As ISIS (the Islamic State in Iraq and a-Shams) crossed the border between Syria and Iraq, it proclaimed this to be the “annihilation of the disgrace of Sykes-Picot” and the formation of an ‘Islamic state’ (IS).
The current situation in Iraq is not only a result of the US-led invasion in 2003 but also reflects the bloody legacy of the world war that started 100 years ago. As ISIS (the Islamic State in Iraq and a-Shams) crossed the border between Syria and Iraq, it proclaimed this to be the “annihilation of the disgrace of Sykes-Picot” and the formation of an ‘Islamic state’ (IS).
It turns out that parts of the Marxists’ previous analysis were fulfilled despite ISIS being a reactionary force. The CWI in 2003 predicted a collapse of Iraq and its potential split-up into several statelets, this has come true along with the Communist International’s 1920 prediction that the then new borders drawn by imperialism in the region would be swept away.
The 2011 revolutions in the Middle East and North Africa not only opened a new era of working class movements, but also unleashed a massive struggle over the redistribution of wealth and resources along sectarian lines of the various capitalist elites. But now, with the revolution currently stalled in many countries, one of the most dynamic actors in this process is IS which, being expelled out of certain parts of Syria by rival rebel factions, shifted its focus on Iraq. There it provided the necessary fighting power to tip the balance between the Shia-led government of former prime minister Nuri al-Maliki and Sunni Arab forces. It is not IS alone that has conquered the central and northern Iraqi regions. Rather IS has been supported by a highly instable, and already partially collapsing, coalition of various Sunni groups and militias, including former Baathists and local tribal forces. But obviously, IS is the best-organized and most effective force. The conflict between Sunni factions and the Iraqi government has been going on for some time, mainly caused by the regime’s repressive politics and its anti-Sunni economic policy. Already, early in the beginning of this year, the army had lost control of Falluja and a number of other towns and villages in the so-called “Sunni triangle”. It is a long-lasting civil war, which was raised to a new level by the involvement of IS, which now could significantly change the face of the region.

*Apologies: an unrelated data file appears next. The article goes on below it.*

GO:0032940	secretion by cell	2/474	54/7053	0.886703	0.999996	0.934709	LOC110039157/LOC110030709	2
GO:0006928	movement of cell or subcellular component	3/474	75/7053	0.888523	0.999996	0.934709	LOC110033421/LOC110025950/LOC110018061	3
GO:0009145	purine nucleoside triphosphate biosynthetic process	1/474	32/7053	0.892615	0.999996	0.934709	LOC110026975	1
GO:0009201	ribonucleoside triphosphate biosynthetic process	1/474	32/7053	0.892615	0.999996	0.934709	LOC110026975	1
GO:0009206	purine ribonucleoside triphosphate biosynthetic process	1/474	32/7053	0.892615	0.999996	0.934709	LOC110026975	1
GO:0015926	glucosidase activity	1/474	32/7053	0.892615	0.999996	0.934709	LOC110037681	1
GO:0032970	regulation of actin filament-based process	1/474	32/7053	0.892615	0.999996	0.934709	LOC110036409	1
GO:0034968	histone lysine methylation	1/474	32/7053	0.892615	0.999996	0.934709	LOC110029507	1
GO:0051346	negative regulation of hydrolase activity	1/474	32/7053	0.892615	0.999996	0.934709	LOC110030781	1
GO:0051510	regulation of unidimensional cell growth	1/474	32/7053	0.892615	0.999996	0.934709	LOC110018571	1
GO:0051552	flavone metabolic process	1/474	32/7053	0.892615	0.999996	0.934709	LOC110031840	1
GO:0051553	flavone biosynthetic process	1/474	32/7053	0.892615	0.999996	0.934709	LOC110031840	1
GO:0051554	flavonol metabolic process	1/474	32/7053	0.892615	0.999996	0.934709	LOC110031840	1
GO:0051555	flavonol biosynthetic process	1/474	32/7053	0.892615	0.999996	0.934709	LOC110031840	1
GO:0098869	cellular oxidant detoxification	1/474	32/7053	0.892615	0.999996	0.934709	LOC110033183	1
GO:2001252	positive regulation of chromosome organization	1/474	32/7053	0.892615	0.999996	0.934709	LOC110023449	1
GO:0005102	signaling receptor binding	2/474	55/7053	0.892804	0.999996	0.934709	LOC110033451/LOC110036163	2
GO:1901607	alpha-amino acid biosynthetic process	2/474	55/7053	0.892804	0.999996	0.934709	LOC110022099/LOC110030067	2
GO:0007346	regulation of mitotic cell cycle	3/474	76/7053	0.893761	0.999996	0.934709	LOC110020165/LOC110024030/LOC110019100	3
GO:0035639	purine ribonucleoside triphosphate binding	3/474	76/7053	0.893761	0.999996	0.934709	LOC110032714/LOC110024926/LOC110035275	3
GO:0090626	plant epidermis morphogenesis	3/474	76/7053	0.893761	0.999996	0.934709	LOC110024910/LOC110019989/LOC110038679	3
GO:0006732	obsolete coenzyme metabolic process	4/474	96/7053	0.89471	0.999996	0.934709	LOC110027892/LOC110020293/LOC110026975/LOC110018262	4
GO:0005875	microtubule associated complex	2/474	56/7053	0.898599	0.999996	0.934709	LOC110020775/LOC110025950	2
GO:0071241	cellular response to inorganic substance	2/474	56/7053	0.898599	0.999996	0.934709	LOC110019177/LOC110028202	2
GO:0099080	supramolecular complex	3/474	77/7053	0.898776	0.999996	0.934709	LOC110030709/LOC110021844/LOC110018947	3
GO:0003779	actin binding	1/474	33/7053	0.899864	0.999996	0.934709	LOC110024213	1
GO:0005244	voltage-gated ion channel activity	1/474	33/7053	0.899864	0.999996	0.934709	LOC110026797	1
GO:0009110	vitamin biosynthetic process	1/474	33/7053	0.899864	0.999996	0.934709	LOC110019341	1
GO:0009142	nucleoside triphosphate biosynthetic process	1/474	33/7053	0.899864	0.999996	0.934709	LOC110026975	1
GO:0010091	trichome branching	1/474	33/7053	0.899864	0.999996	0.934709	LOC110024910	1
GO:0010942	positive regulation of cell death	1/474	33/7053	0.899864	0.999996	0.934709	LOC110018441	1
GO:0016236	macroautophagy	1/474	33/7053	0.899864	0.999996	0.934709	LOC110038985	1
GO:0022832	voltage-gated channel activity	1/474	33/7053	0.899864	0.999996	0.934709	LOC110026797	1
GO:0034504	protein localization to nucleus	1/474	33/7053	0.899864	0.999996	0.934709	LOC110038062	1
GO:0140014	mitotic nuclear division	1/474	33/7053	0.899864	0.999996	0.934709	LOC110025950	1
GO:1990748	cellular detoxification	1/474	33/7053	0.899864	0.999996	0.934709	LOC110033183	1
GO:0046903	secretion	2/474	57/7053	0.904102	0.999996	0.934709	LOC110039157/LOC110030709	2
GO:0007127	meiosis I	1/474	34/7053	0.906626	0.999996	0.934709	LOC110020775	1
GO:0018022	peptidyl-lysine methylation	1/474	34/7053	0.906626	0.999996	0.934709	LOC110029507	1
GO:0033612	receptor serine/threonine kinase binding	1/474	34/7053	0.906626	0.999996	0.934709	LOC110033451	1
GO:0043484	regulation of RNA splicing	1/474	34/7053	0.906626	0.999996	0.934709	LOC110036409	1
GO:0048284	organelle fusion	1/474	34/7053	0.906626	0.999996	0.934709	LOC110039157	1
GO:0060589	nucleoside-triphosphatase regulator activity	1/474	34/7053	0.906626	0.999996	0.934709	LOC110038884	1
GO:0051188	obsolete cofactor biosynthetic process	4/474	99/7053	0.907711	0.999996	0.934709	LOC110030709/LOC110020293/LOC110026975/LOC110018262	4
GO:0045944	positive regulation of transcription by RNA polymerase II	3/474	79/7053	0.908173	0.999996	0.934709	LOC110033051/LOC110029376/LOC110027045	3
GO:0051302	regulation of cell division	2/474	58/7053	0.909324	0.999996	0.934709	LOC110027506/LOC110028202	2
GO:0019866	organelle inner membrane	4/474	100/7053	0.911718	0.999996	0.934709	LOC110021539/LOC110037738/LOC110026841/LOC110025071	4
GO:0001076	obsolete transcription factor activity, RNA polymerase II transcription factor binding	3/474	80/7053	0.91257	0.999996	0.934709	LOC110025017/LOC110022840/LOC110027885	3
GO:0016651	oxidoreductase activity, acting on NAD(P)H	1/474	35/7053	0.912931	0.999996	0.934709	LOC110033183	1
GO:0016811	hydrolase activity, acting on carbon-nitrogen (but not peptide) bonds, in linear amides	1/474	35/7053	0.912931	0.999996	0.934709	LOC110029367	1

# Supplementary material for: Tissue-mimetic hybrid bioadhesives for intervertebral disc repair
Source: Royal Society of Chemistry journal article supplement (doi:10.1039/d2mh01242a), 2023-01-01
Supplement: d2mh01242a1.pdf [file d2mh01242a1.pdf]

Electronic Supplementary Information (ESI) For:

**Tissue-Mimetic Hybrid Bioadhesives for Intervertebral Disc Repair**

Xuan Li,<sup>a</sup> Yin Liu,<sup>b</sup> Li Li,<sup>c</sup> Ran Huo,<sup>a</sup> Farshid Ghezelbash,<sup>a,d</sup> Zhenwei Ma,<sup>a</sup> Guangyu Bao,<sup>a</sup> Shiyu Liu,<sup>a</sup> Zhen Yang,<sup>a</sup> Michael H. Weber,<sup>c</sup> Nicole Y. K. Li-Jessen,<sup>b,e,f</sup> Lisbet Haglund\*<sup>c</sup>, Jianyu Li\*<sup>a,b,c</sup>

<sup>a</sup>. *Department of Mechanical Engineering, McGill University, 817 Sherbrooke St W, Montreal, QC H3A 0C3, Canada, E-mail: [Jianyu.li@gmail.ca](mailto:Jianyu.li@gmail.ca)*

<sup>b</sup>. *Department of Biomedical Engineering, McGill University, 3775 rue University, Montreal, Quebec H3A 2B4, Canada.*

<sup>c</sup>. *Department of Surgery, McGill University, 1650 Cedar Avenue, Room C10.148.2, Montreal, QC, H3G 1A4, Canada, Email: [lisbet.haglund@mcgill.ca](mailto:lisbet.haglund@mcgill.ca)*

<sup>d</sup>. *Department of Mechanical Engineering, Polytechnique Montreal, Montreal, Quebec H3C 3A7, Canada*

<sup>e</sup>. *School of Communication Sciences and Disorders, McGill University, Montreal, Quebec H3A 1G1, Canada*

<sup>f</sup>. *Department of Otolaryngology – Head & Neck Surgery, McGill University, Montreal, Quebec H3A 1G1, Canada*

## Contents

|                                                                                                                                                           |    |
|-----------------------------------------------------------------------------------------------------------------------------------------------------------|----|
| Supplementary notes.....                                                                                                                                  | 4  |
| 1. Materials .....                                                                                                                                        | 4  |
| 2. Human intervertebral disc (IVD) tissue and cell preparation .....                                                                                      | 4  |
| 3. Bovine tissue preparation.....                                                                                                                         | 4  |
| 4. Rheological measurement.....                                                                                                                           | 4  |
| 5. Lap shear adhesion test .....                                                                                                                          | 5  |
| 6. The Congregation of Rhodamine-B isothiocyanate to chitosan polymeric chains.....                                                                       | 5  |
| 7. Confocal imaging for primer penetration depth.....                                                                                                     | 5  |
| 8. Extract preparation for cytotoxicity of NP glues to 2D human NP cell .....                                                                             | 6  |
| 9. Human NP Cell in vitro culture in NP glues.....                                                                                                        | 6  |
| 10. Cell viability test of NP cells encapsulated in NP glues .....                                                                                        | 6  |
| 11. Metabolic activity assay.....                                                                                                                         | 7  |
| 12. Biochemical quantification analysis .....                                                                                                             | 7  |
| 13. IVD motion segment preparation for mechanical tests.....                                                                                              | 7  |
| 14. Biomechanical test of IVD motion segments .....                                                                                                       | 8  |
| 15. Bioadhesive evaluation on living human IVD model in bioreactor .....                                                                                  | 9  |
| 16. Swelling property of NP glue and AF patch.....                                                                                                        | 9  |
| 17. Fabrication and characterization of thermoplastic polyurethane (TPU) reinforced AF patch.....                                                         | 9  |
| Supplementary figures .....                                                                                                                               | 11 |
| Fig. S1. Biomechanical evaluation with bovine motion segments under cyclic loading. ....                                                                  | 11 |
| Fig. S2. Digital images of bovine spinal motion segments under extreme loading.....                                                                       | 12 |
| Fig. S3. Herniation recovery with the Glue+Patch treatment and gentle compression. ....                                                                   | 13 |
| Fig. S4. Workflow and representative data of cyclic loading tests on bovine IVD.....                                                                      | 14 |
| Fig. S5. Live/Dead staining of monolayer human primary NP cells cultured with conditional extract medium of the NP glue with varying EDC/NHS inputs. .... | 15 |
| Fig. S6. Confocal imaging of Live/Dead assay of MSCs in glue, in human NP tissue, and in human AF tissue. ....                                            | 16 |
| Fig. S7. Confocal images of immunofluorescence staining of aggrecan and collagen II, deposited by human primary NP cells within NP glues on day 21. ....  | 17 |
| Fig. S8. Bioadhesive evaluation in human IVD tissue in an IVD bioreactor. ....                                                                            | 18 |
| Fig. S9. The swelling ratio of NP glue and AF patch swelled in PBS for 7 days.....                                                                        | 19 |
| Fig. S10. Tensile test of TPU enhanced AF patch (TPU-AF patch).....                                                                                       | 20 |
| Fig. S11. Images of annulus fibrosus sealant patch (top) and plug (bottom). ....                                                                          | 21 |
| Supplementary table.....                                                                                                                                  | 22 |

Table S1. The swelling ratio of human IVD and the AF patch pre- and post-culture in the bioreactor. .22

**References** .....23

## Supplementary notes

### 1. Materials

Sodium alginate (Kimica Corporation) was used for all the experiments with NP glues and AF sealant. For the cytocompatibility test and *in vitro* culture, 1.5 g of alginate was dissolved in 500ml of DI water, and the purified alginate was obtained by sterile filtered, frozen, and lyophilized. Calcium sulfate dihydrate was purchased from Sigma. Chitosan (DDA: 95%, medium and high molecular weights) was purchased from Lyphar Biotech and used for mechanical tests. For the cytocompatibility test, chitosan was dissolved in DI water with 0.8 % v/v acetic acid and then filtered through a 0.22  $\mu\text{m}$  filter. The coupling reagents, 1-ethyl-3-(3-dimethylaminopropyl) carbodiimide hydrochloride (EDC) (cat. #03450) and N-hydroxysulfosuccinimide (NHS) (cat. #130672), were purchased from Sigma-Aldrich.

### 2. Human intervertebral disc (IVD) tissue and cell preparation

Looking at the current situation in Iraq, IS, or for that matter, any major development in the region, we need to focus not only on the political and military aspect, but on the economic dynamic as well.
IS, as the New York Times wrote, is spearheading a development which can be subsumed under the term “commercialiszation of Islamic terror.” It’s essentially, to quote the Financial Times, a “multinational corporation selling terror as their product”.
As a significant part of financial activity of jihadist movements, as a-Shabab or Boko Haram, can be more or less summed up with Schiller’s Wallenstein, saying: “The war nourishes the war”. ISIS went at least one step further. This is illustrated by its annual business reports. The last, being a 400 page document covering the “business year” November 2012 to November 2013, printed in high quality, resembling any corporation’s business report, which is distributed to various investors. These reports include detailed lists of the number of attacks, weapon stocks etc. which according to other reports don’t seem to be exaggerations but can be verified by secondary sources. The reports obviously are supposed to on the one side be accountable to the investors, on the other side attracting new ones; the investors of course rich businessmen from the despotic oil-countries on the Gulf.
It is necessary to emphasise the ambivalent position of the Saudi elites in regard to IS. While on the one hand they consider them a Sunni force, useful in countering Shia (read: Iranian) influence, there are also big fears. This is not because of IS’s barbarism, slaughtering hundreds of prisoners, crucifying people on live camera, but because of the potential threat it represents in regard to the Saudi regime and the oil-elites in the region. As it was for Osama bin Laden, IS also declared the house of al-Saud ‘traitors’ and declared their overthrow to be a necessity.